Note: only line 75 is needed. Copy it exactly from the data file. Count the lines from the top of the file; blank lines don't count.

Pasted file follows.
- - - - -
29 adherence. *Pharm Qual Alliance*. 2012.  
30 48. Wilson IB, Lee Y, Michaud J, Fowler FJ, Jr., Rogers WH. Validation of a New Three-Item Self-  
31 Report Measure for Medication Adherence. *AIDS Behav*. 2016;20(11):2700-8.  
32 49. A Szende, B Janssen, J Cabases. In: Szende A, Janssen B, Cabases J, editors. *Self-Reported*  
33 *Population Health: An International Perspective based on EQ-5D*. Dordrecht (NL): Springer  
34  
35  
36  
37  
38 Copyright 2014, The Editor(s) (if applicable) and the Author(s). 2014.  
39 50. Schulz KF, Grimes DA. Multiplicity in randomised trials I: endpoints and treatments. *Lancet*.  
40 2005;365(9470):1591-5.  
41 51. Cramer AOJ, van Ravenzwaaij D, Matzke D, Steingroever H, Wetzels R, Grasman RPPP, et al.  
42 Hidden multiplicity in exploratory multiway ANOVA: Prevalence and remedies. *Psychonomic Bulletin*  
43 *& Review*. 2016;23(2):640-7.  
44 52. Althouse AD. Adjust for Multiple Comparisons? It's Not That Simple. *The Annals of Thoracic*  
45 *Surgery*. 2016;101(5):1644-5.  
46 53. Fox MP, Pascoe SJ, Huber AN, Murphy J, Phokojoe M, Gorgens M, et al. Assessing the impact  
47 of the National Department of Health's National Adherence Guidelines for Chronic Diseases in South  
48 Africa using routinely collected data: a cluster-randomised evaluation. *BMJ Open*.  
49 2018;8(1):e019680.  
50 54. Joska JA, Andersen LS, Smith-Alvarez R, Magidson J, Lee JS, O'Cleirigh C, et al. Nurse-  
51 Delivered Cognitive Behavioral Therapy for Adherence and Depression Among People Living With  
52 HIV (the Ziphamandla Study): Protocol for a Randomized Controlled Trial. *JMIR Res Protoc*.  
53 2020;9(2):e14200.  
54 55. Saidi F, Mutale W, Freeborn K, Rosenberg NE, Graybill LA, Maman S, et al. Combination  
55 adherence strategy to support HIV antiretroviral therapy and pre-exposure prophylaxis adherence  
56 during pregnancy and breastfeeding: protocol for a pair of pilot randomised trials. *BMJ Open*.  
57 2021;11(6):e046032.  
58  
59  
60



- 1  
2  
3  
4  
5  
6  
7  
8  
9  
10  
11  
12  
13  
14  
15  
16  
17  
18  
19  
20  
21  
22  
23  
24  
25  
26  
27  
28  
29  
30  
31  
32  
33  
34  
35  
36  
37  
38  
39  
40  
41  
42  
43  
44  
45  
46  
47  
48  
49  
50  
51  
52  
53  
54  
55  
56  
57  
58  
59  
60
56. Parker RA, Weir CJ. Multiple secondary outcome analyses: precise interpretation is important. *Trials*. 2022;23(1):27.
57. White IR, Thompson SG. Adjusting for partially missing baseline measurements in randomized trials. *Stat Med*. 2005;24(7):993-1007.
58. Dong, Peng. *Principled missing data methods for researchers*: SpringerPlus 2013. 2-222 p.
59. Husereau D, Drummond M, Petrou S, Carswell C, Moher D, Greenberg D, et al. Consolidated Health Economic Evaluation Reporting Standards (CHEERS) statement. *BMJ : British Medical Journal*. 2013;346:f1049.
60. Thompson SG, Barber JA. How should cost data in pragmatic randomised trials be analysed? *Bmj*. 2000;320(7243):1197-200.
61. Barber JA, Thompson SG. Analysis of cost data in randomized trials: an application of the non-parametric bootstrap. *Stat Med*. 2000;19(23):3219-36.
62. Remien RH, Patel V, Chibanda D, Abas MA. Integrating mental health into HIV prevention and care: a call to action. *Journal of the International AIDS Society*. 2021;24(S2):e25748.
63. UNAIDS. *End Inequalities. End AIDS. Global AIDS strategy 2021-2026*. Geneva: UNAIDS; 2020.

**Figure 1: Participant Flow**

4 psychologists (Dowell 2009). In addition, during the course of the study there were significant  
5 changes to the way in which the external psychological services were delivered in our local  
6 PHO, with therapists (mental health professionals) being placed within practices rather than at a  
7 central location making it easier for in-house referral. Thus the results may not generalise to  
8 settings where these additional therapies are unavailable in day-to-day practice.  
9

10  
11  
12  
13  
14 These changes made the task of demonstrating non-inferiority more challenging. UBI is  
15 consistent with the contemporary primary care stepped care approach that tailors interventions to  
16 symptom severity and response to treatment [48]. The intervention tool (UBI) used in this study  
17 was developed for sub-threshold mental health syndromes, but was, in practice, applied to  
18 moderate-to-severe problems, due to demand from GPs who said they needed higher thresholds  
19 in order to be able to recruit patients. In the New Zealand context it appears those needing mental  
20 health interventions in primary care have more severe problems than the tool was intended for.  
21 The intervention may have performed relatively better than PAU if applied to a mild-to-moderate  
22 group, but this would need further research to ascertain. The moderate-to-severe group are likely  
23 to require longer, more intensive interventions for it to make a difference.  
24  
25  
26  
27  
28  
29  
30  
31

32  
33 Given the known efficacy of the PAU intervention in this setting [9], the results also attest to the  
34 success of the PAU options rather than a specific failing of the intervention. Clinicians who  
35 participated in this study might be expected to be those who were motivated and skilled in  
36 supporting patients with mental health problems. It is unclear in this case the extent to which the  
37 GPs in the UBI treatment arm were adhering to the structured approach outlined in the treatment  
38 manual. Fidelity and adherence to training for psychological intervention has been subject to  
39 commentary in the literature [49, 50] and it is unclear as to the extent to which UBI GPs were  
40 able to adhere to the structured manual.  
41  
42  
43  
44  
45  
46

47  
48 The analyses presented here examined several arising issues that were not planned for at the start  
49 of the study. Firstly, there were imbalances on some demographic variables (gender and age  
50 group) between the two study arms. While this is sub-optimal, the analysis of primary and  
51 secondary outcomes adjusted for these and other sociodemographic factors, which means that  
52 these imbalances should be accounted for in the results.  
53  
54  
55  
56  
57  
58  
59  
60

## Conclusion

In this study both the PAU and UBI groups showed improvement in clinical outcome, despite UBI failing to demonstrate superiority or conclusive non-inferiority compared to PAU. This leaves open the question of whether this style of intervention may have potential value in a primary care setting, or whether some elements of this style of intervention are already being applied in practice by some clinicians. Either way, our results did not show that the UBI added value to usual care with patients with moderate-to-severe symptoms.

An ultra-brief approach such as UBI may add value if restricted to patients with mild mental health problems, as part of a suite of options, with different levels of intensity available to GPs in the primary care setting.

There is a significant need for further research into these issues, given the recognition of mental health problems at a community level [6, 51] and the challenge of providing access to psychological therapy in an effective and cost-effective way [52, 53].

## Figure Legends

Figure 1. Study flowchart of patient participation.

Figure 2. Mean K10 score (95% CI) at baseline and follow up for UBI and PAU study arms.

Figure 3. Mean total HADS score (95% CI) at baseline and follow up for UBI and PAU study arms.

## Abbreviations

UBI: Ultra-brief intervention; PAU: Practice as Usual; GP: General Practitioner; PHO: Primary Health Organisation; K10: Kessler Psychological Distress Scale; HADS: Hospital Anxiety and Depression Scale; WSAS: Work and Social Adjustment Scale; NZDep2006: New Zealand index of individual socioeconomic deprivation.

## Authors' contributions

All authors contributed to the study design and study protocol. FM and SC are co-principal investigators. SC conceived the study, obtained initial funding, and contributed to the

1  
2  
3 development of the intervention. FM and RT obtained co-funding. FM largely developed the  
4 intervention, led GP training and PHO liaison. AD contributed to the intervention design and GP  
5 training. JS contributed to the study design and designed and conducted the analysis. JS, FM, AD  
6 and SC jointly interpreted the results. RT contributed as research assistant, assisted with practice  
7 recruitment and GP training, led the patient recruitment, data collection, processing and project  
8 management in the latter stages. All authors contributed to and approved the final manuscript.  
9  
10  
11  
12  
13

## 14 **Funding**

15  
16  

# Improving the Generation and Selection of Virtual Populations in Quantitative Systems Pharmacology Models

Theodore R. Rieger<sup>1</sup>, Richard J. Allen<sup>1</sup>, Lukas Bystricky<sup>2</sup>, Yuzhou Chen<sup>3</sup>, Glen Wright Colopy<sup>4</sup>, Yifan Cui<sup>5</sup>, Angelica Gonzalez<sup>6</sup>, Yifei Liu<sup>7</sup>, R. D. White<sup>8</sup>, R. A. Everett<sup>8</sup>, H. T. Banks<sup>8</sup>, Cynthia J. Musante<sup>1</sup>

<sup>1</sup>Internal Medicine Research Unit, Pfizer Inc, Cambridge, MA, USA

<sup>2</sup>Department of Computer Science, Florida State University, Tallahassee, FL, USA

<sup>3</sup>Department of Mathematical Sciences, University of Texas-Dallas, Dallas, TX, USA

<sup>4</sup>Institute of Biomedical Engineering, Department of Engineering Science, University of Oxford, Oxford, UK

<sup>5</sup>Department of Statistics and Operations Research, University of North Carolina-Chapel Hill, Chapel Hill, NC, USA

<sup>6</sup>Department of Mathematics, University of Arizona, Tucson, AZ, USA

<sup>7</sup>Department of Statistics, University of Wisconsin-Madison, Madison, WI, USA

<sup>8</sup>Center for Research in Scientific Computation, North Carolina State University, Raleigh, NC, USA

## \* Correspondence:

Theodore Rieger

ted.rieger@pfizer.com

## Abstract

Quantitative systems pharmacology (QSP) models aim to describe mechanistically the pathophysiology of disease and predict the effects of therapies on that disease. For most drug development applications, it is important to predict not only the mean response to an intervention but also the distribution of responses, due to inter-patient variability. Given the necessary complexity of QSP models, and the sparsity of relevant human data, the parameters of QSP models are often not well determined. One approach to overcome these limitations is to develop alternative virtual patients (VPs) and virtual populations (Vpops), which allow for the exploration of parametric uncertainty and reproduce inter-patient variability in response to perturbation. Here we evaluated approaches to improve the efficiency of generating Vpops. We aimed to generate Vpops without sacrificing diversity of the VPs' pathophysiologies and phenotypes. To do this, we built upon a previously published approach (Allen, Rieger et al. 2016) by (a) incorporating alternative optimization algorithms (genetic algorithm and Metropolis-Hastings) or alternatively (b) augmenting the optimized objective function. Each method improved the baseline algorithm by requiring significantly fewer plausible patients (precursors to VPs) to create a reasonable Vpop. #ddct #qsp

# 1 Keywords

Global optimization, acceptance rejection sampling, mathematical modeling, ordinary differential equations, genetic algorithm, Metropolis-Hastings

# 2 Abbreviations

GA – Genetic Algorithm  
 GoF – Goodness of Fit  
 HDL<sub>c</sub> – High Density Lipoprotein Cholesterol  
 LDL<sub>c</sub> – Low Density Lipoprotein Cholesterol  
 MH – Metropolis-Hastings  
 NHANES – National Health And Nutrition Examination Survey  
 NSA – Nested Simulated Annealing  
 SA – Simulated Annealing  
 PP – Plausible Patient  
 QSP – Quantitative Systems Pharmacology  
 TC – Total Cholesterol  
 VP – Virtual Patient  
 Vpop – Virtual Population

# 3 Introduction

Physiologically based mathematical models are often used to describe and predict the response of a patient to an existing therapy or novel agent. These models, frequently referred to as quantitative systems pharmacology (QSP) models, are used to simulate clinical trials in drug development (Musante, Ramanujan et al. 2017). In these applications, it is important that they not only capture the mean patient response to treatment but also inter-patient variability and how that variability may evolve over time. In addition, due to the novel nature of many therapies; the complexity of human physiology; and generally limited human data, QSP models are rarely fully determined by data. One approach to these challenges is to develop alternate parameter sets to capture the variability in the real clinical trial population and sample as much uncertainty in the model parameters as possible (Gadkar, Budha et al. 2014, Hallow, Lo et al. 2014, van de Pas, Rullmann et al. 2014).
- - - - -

43  